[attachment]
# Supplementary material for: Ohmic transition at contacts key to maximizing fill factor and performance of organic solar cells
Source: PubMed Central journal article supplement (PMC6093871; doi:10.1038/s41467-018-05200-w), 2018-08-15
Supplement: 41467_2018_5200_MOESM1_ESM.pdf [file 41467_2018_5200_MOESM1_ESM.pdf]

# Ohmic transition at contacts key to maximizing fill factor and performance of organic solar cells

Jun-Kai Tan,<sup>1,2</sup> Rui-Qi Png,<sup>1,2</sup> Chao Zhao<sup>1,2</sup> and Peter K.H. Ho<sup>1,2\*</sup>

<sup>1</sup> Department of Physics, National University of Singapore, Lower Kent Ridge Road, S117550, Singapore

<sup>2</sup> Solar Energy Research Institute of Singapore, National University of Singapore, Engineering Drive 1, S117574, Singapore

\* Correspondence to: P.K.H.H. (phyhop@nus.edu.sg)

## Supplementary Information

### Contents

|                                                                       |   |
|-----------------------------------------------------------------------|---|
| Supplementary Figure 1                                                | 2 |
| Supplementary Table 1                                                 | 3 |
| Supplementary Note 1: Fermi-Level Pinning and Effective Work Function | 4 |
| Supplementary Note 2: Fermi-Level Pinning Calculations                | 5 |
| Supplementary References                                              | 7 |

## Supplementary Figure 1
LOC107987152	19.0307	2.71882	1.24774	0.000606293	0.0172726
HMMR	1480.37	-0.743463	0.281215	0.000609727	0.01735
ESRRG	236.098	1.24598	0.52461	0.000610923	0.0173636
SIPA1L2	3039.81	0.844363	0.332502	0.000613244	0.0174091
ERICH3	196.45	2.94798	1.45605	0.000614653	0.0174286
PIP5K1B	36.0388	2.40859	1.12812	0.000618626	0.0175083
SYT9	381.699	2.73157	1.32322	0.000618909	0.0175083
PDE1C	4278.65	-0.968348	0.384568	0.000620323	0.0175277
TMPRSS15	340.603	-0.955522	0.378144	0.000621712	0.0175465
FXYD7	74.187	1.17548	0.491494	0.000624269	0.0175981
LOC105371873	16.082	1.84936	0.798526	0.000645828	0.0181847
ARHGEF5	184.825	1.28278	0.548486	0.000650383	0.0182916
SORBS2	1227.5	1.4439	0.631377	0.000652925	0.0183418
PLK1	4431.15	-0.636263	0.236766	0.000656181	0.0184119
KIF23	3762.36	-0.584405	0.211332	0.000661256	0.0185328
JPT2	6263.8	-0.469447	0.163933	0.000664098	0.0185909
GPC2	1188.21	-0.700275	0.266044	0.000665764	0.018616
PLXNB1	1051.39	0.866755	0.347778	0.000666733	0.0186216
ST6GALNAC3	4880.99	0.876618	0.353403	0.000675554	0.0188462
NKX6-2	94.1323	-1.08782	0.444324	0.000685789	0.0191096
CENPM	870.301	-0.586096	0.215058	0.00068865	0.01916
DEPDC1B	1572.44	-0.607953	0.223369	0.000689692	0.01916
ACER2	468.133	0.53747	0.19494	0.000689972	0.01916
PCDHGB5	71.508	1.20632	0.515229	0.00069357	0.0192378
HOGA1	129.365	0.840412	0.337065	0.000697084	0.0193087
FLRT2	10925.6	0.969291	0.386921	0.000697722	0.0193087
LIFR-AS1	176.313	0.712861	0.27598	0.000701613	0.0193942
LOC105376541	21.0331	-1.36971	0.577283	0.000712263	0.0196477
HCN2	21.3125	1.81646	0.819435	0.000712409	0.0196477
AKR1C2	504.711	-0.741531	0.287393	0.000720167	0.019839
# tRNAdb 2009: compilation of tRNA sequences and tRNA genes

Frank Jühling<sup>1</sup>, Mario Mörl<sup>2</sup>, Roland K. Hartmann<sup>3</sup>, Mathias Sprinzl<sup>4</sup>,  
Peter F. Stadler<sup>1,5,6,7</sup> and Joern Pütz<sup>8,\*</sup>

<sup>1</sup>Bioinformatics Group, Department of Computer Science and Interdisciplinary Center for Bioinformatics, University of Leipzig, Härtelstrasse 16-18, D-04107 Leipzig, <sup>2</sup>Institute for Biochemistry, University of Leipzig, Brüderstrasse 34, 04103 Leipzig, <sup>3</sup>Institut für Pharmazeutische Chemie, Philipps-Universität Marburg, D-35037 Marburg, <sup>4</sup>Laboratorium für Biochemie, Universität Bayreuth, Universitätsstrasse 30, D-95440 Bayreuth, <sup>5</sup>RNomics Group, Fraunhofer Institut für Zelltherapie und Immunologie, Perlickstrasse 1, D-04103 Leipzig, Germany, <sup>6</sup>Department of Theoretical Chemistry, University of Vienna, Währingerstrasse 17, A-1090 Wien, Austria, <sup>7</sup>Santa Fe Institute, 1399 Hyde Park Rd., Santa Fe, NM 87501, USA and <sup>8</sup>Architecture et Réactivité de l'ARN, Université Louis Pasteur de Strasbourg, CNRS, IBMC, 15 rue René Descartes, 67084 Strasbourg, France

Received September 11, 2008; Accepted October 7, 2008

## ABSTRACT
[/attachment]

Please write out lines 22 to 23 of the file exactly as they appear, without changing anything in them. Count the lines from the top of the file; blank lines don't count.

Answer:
SIPA1L2	3039.81	0.844363	0.332502	0.000613244	0.0174091
ERICH3	196.45	2.94798	1.45605	0.000614653	0.0174286